The CPD Blog is intended to stimulate dialog among scholars and practitioners from around the world in the public diplomacy sphere. The opinions represented here are the authors' own and do not necessarily reflect CPD's views.


 

In PD, Obama Shows That Style is Substance

Apr 8, 2009

The more things stay the same, the more they change.

An American president traveled to Iraq to praise American soldiers for giving that nation time to stand on its own feet. He told Muslims that the United States respected their religion. He expressed his commitment to an American military presence in Afghanistan. And he refused to back down from regularly violating Pakistani sovereignty as he fights anti-American forces there.

President Bush did all that too – and yet audiences around the world see such actions, when taken by Obama, as signaling a new day in American-global relations. Is it just hype and hypocrisy?

No, there’s more to it than that. Americans believe in the power of ideas, and prefer to see our wars as wars of ideas rather than wars against foreign peoples. Americans believe our nation is uniquely built on shared ideas rather than shared ethnicity or culture. So we should appreciate that the rest of the world senses new ideas at play on our shores, even as our outward actions seem unchanged.

While neoconservatives have attempted to portray America as locked in a cosmic struggle against a radical ideological fringe within the Islamic world, they left much of the world with the impression that the war was against Muslims as a group. That had much to do with how many influential conservatives -- Franklin Graham, Mark Steyn, Robert Spencer and various Fox New pundits come to mind -- insinuated or trumpeted that Muslim civilization was irredeemable, even while the president that they supported claimed that his invasion of Iraq would benefit Muslims. George Bush’s practiced cowboy persona, combined with anti-Muslim propaganda from his more militant allies, meant that no American action would be viewed favorably by much of the Muslim world.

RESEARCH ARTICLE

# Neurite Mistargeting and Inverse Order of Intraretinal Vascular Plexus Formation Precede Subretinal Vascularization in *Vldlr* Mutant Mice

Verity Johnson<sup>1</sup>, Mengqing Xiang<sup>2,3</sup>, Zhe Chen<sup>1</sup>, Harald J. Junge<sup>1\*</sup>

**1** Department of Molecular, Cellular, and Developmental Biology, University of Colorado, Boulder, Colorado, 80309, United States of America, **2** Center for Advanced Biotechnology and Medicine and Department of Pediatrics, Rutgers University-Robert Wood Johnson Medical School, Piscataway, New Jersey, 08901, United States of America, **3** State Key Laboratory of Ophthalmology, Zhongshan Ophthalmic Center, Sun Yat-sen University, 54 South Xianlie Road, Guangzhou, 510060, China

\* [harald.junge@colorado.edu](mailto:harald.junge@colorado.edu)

Enter Barack Hussein Obama. While much of the world cheered for him, few expected him to win office in a country that has been seen more as John Wayne than Mahatma Gandhi. Obama’s election served notice that these Americans, who had been loudly warned by neoconservatives not to vote for a relative pacifist, were suppler than they seemed.

Those same pro-Obama legions around the globe are supple enough to realize that America will not suddenly pop flowers into its muskets, and that U.S. interests will still bring a certain military toughness. Yet when Obama declares that his nation is not at war with Islam -- the same words that his predecessor uttered -- they believe him.

In PD, style is substance, though President Bush never seemed able to fully grasp this. Bush’s style signaled an America that the world distrusted --a provincial and prickly one that presumed that what was best for America was best for the world. Obama’s style recalls the America that the world most respects and envies -- a multicultural person who rose from obscurity, through opportunity, to build bridges rather than walls among peoples. Because of that, he will be given grace in coming months by the world community as he continues his bridge-building.

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